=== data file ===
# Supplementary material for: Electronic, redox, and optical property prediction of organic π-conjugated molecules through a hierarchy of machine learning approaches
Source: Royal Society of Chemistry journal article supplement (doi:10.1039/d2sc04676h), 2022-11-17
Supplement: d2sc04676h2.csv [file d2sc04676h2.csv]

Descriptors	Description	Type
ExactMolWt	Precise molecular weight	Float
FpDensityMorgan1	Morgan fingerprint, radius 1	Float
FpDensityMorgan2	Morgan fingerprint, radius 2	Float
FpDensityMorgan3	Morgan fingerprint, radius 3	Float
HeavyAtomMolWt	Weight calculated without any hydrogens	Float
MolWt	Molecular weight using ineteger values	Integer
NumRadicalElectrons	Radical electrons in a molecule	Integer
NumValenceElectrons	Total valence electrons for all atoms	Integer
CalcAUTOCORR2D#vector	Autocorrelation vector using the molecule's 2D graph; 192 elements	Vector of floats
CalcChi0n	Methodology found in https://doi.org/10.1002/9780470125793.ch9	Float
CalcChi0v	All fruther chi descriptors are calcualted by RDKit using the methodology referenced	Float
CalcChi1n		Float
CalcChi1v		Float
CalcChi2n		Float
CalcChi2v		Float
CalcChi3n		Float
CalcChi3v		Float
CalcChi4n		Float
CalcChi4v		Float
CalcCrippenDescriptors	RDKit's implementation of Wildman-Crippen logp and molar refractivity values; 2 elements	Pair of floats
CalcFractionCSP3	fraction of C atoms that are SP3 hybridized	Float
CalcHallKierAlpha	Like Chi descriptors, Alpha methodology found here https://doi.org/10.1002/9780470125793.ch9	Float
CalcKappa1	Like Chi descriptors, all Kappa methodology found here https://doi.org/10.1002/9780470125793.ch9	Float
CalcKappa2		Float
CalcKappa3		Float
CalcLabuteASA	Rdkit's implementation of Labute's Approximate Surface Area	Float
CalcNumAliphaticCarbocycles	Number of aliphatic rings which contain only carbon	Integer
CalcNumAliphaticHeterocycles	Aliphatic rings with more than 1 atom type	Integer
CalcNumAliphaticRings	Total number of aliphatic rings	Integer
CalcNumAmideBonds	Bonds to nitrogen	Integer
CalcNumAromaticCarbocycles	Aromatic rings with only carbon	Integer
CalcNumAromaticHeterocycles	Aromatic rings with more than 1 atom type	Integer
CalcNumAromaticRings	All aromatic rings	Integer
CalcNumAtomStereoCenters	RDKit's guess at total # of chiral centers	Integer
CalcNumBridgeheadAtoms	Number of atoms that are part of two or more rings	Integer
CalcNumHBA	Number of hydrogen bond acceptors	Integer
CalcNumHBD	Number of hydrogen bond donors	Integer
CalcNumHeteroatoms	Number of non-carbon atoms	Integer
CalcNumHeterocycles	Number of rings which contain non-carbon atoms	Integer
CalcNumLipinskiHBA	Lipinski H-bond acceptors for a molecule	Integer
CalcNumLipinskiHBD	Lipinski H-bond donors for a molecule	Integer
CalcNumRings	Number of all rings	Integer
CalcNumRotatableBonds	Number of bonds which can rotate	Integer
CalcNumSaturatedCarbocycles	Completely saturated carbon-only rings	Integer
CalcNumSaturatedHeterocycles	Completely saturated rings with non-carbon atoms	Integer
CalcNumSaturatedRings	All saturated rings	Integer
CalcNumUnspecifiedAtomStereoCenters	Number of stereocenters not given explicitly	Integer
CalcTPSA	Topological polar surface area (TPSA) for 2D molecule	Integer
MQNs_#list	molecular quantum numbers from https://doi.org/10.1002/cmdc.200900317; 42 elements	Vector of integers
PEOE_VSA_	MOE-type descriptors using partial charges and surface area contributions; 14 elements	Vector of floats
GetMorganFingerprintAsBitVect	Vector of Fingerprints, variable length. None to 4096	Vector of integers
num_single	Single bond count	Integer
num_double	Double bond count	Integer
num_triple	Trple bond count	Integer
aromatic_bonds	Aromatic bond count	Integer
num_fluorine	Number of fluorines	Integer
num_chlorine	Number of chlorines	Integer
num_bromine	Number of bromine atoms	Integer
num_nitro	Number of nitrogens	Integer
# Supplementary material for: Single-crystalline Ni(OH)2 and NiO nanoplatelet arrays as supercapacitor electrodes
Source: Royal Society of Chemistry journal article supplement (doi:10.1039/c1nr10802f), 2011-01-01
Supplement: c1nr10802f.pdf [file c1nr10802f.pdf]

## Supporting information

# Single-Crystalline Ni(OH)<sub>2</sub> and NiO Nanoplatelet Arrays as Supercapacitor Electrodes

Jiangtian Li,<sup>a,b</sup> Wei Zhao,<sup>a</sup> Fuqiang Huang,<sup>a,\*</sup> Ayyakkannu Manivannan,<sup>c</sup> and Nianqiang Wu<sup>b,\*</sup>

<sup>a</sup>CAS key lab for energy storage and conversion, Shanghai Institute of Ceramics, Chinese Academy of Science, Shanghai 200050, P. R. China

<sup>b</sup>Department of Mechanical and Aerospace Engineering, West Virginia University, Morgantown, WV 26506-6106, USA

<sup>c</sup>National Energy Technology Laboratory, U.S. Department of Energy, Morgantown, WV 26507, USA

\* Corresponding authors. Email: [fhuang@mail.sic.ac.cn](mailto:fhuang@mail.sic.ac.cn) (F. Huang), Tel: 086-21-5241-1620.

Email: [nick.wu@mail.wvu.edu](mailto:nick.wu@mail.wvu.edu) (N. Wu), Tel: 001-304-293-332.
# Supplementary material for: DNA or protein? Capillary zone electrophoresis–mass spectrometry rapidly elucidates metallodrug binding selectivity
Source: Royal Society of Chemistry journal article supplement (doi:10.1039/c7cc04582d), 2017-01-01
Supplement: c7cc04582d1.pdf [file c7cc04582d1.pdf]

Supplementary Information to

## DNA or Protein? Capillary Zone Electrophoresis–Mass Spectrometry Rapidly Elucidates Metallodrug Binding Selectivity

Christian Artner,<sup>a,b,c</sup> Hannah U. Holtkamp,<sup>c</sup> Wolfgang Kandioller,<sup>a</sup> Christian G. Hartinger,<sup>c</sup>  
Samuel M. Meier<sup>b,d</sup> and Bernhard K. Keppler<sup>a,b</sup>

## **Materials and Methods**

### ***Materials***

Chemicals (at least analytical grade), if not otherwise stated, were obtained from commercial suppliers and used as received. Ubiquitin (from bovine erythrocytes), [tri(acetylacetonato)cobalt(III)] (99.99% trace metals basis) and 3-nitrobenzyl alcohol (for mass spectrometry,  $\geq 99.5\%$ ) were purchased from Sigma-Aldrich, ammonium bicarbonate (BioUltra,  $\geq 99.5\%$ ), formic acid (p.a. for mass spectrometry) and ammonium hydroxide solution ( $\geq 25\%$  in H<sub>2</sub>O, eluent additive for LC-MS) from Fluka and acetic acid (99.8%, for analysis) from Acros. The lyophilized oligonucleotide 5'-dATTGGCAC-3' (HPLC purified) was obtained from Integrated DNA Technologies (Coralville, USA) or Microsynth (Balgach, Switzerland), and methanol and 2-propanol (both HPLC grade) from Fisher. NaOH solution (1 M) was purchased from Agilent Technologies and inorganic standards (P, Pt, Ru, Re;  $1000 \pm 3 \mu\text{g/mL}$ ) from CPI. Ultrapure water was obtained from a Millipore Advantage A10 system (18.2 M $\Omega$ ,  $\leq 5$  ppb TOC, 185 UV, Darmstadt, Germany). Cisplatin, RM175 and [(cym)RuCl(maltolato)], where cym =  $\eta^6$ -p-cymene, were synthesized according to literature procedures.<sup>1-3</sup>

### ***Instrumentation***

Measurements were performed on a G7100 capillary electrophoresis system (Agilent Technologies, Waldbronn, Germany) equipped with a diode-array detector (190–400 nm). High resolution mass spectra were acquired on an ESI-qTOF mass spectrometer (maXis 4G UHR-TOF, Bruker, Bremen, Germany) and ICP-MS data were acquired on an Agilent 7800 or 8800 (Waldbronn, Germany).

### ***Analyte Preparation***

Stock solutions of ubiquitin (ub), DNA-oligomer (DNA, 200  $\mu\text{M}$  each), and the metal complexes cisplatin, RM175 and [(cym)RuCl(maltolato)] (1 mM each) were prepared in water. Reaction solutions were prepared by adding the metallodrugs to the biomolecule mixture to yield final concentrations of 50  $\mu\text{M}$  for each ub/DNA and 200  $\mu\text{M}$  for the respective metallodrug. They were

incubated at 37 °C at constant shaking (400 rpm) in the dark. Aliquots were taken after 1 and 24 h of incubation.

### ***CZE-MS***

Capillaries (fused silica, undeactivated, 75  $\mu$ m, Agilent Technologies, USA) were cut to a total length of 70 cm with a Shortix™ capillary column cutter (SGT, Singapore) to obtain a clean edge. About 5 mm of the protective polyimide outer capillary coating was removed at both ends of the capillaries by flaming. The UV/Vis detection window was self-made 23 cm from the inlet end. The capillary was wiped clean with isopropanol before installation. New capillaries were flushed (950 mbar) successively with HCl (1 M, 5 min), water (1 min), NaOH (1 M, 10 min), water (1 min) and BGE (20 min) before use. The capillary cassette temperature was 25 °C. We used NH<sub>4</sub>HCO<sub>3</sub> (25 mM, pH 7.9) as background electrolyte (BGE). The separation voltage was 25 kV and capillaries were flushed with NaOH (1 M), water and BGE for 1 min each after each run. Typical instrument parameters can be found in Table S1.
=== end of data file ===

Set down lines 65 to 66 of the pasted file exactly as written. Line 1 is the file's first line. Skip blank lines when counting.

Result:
Source: Royal Society of Chemistry journal article supplement (doi:10.1039/c1nr10802f), 2011-01-01
Supplement: c1nr10802f.pdf [file c1nr10802f.pdf]